The Amalfi Coast: an UNESCO world heritage site – by Ellen Miller

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Ellen Miller
Ellen Miller
Writer

Not too far away from Florence lie sweeping views and stunning history, a different kind of beauty than what lies within the heart of the city.
Depending on whether you travel north or south along the coast, a variety of unique experiences can be had.
Regardless of where you end up you are sure to experience beautiful views and a completely different side of Italy than the average tourist is able to experience.
If you can, check out some of these classic destinations before the true summer rush hits; you won’t regret it.
Tried and true, the Amalfi Coast is one of the most popular destinations within Italy, and for good reason: the coastal view and stunning blue water is rivaled only by the Cinque Terre.
The Amalfi Coast, however, offers a variety of options for tourists to explore the land by water or by sea.
Ocean lovers can’t miss the beautiful blue waters that allow for snorkeling and swimming unparalleled in Italy.

La Grotta Azzurra, Capri
La Grotta Azzurra, Capri

An UNESCO World Heritage Site for its status as a cultural landscape, the Amalfi Coast stretches along the west coast of Italy and encompasses the popular town of Positano.
Water lovers can partake in snorkeling, cliff jumping into the water and other unique activities, while those not keen on getting wet might favor a boat ride.
A highlight of the trip is the Blue Grotto, which is a travel photographer’s paradise with its intense blue water.
Nearby is Sorrento, a small town in Campania.
The entire Amalfi Coast is well known By Ellen Miller for its lemons, but the town of Sorrento in particular is renowned for its limoncello, a lemon-flavored liqueur that is popular within Italy and a must-try experience for tourists, Italian or foreign.
Amalfi3The town has notable processions to mark the days around Easter, so be sure to check it out if you will be in the area.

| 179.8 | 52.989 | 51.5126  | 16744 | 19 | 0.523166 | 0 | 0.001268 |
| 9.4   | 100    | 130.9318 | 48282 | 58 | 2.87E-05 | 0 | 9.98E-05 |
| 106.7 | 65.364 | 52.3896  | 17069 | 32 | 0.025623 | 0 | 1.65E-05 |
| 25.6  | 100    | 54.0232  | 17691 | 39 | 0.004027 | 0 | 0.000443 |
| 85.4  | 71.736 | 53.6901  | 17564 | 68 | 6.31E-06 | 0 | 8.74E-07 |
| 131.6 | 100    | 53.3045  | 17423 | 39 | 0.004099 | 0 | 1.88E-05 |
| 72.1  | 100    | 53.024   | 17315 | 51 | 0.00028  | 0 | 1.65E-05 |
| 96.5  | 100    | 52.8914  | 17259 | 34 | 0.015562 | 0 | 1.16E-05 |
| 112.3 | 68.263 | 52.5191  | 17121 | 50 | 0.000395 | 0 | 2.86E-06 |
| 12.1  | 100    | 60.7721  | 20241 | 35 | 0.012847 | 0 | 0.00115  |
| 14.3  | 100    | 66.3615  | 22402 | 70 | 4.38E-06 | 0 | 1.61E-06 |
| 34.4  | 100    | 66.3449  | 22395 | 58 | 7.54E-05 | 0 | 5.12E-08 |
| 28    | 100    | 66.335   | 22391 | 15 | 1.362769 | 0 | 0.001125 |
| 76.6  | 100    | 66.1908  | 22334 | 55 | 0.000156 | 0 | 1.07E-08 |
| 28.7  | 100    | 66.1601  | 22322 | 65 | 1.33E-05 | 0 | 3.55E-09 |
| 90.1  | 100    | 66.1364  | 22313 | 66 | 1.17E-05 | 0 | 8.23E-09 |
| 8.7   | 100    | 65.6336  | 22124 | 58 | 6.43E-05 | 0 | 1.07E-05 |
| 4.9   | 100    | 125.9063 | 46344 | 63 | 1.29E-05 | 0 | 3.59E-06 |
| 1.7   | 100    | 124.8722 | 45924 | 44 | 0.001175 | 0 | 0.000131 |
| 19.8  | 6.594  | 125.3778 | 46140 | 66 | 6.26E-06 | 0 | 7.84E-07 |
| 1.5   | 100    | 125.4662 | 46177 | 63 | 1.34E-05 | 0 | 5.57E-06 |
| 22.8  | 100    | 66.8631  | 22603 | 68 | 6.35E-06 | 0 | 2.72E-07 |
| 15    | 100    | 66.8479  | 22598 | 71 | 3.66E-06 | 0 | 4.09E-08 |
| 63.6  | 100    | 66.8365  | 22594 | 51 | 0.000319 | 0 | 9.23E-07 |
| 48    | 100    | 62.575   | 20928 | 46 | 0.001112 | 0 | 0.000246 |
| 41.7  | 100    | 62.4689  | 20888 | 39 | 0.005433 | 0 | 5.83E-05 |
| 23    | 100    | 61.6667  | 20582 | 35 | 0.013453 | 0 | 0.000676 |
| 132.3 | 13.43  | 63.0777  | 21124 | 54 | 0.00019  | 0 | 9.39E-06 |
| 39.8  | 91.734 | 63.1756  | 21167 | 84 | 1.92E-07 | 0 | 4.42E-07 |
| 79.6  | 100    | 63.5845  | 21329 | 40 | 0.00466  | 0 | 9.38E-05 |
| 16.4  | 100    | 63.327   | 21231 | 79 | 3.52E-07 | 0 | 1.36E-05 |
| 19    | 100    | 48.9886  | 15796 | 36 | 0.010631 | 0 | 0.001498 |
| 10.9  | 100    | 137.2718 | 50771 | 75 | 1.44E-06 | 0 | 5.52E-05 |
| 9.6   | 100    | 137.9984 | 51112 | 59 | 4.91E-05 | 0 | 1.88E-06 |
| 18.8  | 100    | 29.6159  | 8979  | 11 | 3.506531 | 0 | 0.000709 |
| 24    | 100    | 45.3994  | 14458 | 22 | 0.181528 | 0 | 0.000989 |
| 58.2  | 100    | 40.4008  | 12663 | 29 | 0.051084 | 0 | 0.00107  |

Sorrento is home to Roman ruins at Punta del Capo, and is also along the coast so many water-related activities are available as well.
A trip down the coast is not complete without a look back into history with a visit to Pompeii.
Buried in ash when Mount Vesuvius erupted in 79 AD, the town is a major historical marker and experience in the area.
The site was lost for about 1, 500 years after the eruption, but excavations have revealed the extent of the city that was essentially smothered along with all of its citizens.
It is part of the Vesuvius National Park and in 1997 was named an UNESCO World Heritage Site.
Excavations have ceased for the most part and only a third of the buildings open to the public in 1960 remain open for tourists today.
Still, for history buffs, Pompeii is a must-see.
Further inland, Naples beckons to tourists.
A trip to the Amalfi Coast almost wouldn’t be complete without a trip to the pizza capitol of Italy.
While Italian and tourists alike would argue as to their favorite kind of pizza, Neopolitan pizza enjoys a rich history and is fiercely protected today; there is a process for foreign restaurants to become certified in the process and they must follow rigorous regulations to be considered true Neopolitan pizza creators.
Naples is known around the world for its rich collection of museums, including many archeological museums with a wealth of ancient artifacts.
The Naples National Archeological Museum is a must-see; for art lovers the Museo di Capodimonte includes works by Raphale, Titian, Caravaggio and El Greco, among other artists of note.
The real treasure of Naples is the pizza, though; don’t leave without sampling a slice! For those looking for a great spring and early summer destination, the Amalfi Coast has it all.
A quick train journey to Naples allows an easy start, with easy access to many other destinations with options for art lovers, outdoors lovers and history lovers alike.
With a little bit of everything, this area of Italy is a must-see and the perfect compromise for any group not sure how to reconcile their different interests.Amalfi1Amalfi4 Amalfi2

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